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380AEW Article

ADAB celebrates, educates, and honors Juneteenth

  • Published
  • By Tech. Sgt. Jocelyn A. Ford
  • 380th Air Expeditionary Wing / Public Affairs

Senior Airman Hollye Ware, 380th Expeditionary Civil Engineer Squadron emergency management technician, and her team took it upon themselves to educate ADAB on the significance of Juneteenth.

“The significance of Juneteenth is to celebrate the freedom of those slaves who were still living under horrible conditions after the Emancipation had been declared, mainly in Texas,” said Ware. “In hosting the event, we wanted to really push the fact that everyone appreciates the freedom and liberties given.”

More than 100 Airmen attended the event which included multiple stations, each with an opportunity to highlight a piece of history.

There was also a large red, black and green flag that the Airmen could get their photo in front of to commemorate the event. The colors have a deep history to African culture.

According to Tech. Sgt. Alycia Smalls, 380th Air Expeditionary Wing Equal Opportunity director, the red represents the blood that unites all people of African ancestry, and shed for liberation; the black represents black people whose existence as a nation is affirmed by the existence of the flag; and the green signifies the abundant natural wealth of Africa.

“My culture recognizes those colors as being part of our liberation thanks to Marcus Garvey, the person who created the flag in the early 1900s,” said Ware. “For this event we chose to combine the colors with the U.S. flag to show the unity and acceptance that is now taking place.”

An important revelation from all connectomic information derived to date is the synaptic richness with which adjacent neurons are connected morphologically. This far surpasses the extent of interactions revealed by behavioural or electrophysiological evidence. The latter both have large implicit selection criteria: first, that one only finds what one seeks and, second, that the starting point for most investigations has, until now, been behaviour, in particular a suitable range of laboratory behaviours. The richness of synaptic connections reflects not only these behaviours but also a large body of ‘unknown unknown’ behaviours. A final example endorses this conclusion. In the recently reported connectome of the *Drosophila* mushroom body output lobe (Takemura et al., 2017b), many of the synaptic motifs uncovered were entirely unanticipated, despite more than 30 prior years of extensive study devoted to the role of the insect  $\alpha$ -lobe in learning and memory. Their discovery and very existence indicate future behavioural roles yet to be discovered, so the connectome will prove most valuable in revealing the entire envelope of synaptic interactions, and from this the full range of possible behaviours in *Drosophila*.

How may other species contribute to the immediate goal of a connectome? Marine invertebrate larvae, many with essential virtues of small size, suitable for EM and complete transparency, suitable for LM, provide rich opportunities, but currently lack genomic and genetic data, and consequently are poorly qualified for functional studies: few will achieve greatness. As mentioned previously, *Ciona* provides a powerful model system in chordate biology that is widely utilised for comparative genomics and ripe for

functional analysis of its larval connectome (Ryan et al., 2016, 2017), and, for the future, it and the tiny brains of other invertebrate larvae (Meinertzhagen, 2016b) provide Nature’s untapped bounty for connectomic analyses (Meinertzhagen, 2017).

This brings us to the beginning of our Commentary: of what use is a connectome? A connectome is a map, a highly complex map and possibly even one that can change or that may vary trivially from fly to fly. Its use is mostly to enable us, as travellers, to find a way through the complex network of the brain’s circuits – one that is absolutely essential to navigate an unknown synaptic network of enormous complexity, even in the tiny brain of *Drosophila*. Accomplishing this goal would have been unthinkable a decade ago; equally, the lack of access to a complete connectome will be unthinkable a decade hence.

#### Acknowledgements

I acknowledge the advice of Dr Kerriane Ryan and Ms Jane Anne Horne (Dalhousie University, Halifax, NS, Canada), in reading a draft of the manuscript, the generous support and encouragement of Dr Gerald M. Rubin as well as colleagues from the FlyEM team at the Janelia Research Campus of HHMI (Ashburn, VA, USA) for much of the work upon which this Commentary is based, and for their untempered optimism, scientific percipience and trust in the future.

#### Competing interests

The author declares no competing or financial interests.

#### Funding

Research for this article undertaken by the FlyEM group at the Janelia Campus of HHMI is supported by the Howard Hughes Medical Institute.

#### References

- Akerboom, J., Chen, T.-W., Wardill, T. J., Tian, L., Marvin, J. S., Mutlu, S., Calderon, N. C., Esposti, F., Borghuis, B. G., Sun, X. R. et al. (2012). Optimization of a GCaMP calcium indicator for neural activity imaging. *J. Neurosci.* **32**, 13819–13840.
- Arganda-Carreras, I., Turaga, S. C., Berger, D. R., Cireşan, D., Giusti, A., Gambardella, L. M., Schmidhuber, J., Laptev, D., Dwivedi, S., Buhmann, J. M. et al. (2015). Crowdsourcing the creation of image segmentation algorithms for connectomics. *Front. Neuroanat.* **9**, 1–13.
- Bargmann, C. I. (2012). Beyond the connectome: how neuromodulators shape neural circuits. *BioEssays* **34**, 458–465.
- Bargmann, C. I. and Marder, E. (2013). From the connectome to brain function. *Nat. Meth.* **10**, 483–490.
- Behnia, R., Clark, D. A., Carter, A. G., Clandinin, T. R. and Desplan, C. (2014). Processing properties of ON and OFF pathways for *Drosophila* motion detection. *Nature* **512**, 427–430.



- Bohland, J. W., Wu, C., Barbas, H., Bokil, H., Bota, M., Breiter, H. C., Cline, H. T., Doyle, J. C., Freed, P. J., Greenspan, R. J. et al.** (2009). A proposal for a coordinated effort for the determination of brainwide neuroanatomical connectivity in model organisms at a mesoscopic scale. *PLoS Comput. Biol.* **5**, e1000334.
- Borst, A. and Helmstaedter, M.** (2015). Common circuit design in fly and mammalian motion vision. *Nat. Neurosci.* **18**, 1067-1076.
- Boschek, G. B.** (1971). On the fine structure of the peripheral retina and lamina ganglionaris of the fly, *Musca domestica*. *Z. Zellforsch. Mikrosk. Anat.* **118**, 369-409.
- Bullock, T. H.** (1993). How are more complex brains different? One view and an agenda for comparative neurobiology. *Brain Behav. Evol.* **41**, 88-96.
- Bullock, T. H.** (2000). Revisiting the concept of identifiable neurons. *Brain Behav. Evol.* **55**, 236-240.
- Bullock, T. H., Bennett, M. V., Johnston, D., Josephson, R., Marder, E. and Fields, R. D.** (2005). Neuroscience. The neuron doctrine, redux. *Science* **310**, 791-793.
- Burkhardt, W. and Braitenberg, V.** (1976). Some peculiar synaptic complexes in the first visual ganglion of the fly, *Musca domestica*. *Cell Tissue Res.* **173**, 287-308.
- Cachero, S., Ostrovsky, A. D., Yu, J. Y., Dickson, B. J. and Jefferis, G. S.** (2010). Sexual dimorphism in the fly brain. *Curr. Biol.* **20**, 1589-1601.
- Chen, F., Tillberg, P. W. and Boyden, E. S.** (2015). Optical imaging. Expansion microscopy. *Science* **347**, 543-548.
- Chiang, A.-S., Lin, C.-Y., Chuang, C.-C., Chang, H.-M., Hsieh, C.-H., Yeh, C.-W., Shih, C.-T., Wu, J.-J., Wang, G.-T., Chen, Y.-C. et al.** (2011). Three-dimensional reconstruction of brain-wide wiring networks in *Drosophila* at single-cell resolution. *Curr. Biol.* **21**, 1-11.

Ware jumped at the opportunity to lead the charge in making the event possible. She was born and raised in Texas, the last of the states to recognize the effects of the Emancipation Proclamation.

“I am an African American and appreciate the times that my ancestors had to fight through in order for me to not,” said Ware. “I respect the history of my people and admire the heart they maintained through their enslavement.”

Though the proclamation was signed in 1863, it wasn’t until Maj. Gen. Gordon Granger, along with Union soldiers, entered Galveston on June 19, 1865, (Juneteenth) that slaves in Texas were told they were free.

Ware took the opportunity to “bring awareness to the fact that slavery wasn’t just declared over and then everyone went about their day as it if it never occurred.”

“America is slowing beginning to accept the black and African American culture for who we truly are and we see that,” said Ware. “We appreciate those who are willing to celebrate with us.”